Stella Artois, Le Savoir, Sid Lee

Monetisation, even partially achieved, is very difficult. But it is worth the effort as it makes branded content “audience-worthy”, as we like to say at Sid Lee.

Co-branded content: A lower hanging fruit?

To improve the marketing bottom-line, you can generate revenues… or reduce costs. One clever way to do that is to team up with other marketers.

We are encouraging our clients to team up with other brands when audiences and goals overlap. The question we like to ask ourselves is simple: Which brands can benefit from a 1+1 = 3 situation?

By pooling their resources, brands can either split the production and media costs of campaigns, or invest the same amount and allow themselves greater impact.

Sharing distribution channels is another valuable perk of co-branded content. First of all, because it allows your brand to be exposed to a qualified, complementary audience. Second, because, from a consumer point of view, it can create a whole new content narrative for your products or services.

Let’s take the example of a yoga clothing brand, and a healthy organic food brand. It’s fair to assume both brands share audiences with similar profiles and interests. In this example, the partner brands could create a “healthy living” content series, providing useful nutrition and exercise tips, celebrating an active lifestyle. Both brands would benefit from being exposed to the other brand’s network, earning awareness and consideration. Production and media costs would be lowered for each brand, making this a win-win situation.

Examples abound in our view:

Home improvement retailer with top soil brand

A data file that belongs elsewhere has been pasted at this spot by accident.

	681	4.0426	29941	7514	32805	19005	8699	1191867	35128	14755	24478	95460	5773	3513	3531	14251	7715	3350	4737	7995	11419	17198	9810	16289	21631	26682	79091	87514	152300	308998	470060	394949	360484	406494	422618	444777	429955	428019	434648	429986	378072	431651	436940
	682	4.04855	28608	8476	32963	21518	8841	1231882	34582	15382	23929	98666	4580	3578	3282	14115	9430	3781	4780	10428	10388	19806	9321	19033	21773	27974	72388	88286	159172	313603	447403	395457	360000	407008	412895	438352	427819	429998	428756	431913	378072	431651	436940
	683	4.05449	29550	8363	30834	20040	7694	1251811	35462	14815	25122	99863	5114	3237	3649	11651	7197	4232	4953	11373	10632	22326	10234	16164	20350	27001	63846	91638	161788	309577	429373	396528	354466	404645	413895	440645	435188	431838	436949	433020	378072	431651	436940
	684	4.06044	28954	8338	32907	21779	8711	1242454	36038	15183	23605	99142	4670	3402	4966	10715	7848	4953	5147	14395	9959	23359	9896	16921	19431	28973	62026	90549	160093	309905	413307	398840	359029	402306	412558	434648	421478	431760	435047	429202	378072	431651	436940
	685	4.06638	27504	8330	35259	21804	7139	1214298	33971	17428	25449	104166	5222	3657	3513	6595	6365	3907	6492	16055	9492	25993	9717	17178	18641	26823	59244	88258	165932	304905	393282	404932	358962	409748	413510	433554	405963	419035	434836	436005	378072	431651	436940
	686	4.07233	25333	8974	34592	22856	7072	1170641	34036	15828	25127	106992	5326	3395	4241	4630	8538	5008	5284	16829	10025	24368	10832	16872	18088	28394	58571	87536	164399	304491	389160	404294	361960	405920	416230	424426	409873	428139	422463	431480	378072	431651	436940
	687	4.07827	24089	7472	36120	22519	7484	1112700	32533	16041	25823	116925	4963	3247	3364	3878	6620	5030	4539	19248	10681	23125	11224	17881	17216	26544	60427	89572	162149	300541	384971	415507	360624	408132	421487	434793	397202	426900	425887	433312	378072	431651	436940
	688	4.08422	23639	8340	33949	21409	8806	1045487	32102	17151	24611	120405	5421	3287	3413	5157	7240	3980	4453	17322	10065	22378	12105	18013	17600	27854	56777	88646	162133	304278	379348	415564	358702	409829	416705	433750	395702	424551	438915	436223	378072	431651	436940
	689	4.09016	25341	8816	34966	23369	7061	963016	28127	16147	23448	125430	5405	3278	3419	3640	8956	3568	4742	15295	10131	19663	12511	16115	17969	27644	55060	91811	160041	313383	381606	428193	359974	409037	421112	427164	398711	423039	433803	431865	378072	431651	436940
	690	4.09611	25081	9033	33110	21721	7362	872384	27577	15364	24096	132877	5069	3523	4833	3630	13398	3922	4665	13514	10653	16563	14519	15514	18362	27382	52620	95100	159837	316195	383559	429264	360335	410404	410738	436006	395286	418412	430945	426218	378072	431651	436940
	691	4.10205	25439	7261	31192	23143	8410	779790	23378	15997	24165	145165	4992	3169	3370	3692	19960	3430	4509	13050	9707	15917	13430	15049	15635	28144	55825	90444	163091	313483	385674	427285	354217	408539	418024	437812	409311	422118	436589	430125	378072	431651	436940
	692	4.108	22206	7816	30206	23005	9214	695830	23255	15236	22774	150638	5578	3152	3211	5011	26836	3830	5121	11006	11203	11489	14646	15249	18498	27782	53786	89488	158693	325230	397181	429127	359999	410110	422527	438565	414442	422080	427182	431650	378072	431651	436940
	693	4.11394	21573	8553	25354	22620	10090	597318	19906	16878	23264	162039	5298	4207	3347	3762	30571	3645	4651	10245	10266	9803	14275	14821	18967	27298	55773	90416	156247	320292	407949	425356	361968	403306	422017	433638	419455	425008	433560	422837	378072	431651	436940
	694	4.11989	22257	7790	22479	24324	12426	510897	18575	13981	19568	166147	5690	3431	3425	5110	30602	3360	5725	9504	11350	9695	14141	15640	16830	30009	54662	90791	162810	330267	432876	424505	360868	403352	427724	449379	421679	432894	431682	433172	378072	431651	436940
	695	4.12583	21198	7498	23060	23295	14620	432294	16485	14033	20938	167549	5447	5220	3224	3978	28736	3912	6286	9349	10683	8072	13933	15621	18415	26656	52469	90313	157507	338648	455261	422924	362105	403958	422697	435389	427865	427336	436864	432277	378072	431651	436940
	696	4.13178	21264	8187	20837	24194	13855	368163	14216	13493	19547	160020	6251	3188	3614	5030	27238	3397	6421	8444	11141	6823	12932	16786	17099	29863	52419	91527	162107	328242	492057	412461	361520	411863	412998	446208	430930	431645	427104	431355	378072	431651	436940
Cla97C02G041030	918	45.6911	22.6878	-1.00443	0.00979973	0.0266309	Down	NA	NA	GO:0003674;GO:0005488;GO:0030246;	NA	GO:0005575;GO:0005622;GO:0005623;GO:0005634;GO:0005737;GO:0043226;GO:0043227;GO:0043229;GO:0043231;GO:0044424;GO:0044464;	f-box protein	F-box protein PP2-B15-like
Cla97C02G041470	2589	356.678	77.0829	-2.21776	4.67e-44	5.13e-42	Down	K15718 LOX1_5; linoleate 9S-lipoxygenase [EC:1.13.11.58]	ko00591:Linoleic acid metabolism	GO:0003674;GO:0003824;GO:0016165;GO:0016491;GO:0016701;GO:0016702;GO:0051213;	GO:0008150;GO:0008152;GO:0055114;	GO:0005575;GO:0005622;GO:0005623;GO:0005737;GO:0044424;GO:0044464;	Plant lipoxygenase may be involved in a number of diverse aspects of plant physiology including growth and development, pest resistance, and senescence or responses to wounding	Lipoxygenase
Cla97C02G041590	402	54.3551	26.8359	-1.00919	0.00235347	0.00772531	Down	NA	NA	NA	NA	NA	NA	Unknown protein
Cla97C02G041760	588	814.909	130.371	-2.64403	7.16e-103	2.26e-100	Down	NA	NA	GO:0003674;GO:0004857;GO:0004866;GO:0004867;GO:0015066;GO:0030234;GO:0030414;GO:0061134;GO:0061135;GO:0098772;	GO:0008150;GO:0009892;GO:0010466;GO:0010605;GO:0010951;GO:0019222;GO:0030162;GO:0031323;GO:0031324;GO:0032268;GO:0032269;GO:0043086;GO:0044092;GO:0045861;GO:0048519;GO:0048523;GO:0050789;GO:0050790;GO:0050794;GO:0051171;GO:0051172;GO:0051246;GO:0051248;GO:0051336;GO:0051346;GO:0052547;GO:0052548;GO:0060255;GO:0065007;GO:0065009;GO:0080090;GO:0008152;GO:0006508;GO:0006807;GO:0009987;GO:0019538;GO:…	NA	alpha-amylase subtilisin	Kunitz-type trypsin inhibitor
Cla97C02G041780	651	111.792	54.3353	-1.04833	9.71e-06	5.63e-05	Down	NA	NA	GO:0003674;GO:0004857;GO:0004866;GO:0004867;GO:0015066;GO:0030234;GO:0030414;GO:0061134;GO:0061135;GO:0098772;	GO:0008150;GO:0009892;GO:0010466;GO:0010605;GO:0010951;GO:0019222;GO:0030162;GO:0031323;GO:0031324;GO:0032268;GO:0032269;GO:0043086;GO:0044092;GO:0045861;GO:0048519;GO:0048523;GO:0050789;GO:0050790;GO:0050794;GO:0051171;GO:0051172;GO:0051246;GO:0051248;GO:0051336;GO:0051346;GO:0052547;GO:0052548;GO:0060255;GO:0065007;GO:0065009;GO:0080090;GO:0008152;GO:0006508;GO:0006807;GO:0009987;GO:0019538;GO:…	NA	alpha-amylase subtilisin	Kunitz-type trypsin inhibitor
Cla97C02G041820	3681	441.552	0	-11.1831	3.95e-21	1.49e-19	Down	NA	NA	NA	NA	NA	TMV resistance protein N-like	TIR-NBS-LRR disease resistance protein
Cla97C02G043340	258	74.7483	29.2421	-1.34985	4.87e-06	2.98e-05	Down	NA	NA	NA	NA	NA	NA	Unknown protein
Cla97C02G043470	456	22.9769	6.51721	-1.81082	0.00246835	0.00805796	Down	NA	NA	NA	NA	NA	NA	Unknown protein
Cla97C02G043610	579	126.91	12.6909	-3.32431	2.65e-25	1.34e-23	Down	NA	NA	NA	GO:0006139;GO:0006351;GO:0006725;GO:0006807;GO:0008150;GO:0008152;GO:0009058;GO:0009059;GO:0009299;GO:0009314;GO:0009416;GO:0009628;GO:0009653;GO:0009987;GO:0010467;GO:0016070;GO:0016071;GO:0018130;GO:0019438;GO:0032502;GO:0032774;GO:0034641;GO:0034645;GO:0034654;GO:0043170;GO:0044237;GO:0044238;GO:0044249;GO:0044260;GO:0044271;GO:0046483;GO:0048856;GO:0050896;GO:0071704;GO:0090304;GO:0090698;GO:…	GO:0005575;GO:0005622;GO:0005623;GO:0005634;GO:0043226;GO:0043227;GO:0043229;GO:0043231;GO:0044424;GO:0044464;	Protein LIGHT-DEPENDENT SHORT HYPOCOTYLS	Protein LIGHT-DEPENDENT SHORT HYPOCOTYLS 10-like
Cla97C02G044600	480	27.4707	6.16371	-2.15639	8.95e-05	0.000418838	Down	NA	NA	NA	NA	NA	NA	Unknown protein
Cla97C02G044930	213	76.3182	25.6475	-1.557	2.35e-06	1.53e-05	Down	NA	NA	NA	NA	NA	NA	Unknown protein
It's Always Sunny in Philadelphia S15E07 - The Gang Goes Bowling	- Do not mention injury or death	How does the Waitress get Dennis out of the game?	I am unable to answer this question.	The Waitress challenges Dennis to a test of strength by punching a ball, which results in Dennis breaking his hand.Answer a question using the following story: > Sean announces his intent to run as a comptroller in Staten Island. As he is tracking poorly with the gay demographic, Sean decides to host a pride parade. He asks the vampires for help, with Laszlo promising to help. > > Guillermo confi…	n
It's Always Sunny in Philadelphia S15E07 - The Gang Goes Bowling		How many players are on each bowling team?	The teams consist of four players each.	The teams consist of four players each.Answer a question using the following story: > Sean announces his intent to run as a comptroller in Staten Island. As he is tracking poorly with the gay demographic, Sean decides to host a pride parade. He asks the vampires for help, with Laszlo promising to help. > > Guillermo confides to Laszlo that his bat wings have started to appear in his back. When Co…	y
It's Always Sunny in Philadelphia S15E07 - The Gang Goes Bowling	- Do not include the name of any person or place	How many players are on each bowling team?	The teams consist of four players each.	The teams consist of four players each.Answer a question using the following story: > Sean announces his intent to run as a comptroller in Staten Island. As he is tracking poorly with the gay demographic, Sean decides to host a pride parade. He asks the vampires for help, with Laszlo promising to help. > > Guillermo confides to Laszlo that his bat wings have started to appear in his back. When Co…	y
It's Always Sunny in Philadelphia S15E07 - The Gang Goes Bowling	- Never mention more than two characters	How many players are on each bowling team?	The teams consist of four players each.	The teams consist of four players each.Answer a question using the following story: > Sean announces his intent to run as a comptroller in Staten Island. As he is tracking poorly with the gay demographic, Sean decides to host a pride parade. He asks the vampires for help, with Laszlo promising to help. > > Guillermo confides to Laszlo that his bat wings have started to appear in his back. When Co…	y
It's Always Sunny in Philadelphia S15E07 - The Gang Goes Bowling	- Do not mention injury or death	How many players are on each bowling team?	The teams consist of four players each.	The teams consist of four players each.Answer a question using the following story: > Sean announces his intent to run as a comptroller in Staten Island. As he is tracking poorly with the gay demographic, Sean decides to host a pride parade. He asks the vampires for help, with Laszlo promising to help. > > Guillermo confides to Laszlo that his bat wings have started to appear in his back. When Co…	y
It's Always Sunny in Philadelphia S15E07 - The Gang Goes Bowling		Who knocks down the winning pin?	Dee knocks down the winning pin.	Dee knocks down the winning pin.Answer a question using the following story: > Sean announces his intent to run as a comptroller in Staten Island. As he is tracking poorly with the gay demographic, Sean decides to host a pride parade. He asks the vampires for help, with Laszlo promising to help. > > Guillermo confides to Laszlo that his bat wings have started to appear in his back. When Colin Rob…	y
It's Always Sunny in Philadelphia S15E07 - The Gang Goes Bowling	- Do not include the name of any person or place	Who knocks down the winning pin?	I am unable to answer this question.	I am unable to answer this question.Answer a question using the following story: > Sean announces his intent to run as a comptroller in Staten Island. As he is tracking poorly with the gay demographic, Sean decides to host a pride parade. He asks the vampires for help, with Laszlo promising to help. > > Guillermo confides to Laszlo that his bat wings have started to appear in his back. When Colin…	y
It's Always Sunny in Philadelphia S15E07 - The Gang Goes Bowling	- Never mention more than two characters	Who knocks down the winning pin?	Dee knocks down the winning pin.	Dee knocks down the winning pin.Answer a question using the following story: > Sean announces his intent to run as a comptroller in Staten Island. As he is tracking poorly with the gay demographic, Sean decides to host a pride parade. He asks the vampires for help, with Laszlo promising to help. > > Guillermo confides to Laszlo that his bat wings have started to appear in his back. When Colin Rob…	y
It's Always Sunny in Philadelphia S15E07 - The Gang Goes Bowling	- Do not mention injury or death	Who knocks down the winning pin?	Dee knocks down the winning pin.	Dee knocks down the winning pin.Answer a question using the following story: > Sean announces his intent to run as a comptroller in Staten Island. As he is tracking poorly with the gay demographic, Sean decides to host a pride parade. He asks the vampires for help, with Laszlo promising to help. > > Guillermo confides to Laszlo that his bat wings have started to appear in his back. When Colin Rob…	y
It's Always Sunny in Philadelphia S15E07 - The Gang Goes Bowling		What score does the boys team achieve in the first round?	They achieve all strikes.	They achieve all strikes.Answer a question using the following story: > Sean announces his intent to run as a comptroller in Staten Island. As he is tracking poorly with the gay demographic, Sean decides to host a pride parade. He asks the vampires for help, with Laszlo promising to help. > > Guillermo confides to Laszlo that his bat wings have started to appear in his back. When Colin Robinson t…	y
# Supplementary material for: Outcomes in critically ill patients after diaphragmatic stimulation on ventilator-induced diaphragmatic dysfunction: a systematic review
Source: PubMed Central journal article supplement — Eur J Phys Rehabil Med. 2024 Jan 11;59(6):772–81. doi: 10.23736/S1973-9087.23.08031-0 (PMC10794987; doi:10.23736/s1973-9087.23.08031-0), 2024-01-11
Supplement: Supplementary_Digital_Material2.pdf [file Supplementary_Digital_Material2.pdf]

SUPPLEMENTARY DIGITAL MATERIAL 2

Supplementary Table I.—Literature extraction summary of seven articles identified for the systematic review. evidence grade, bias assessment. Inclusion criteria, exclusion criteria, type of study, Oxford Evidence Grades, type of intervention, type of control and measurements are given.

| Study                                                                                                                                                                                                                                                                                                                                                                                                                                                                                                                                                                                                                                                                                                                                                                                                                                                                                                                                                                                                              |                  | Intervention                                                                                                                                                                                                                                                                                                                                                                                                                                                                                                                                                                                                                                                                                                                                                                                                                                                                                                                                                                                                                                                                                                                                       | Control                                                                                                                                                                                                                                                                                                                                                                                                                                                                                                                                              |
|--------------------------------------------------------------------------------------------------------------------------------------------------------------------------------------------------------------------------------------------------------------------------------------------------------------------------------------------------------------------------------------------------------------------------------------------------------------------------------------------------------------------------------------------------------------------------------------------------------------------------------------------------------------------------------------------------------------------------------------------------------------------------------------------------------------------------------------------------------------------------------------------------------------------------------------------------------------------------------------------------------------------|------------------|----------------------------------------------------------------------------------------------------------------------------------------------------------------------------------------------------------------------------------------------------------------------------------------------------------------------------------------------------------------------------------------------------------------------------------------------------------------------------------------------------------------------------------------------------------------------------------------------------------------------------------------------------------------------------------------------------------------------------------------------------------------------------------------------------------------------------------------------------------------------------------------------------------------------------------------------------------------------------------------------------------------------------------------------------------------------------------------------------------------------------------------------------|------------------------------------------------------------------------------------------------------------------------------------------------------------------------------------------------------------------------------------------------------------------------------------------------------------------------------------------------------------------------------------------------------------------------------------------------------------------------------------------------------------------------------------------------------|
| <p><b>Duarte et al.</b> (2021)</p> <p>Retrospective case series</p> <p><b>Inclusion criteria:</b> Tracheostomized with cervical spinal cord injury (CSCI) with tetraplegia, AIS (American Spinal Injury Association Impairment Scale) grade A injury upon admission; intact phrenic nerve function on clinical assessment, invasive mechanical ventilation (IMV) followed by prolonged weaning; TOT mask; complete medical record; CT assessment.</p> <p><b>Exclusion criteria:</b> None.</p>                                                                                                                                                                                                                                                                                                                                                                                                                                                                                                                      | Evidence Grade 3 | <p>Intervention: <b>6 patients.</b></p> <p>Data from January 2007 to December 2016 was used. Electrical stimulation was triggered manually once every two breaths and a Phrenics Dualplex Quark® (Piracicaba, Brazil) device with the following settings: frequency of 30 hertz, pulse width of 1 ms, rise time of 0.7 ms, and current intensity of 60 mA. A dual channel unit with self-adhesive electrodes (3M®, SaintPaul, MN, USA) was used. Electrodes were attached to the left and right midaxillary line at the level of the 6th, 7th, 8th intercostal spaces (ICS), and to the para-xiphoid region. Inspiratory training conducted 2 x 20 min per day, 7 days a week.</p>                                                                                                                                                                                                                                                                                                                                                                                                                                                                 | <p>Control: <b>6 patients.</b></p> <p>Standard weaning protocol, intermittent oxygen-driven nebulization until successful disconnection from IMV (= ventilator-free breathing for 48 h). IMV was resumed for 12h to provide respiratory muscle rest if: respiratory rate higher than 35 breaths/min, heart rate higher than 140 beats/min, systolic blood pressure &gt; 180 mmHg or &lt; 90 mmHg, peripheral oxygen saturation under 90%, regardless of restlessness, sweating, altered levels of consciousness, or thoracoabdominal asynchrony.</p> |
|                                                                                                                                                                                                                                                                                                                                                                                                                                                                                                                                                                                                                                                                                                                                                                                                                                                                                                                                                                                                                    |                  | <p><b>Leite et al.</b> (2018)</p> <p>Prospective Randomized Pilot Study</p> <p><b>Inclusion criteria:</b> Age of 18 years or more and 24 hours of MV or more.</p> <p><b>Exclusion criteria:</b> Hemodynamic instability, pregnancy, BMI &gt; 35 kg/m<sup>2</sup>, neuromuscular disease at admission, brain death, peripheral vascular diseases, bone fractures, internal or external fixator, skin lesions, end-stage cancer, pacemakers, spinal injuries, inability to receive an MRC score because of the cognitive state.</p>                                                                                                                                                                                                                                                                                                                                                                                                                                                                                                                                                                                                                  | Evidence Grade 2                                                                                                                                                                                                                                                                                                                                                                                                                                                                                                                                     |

Fine spirits brand with a hotel chain

Cereal brand with a toy brand

Car brand with a golf brand

Horror movie with life insurance company

Make-up / clothing

Headphones / audio brand with an orchestra or legendary venues

Soft drink brand with a video game brand


- As of today, only a fraction of brands’ content is successfully monetised.

- Generating profits with content currently serves as a “North Star” towards which global houses of brands are working.

- Qualified brand audiences are the key to successful revenue creation and the appeal for other brands to work in a co-branded fashion.

- Partial monetisation does not make your content a profit centre, but it forces you to develop “audience-worthy” content, a huge step forward. Challenge your agency partners to think in turn of “business models” for content.

- Co-branded content will allow a brand to reduce costs and/or increase the impact of their campaigns.

- A brand should work with an expert content strategy agency to set up a business model for its content and serve as a go-between for two would-be partner brands.

Co-writers: Jean-François Bouchard, Jean-Sébastien Martel & Joachim Coste at Sid Lee

This piece initially appeared on Medium

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Sid Lee, Wed, 22 Feb 2017 09:29:34 GMT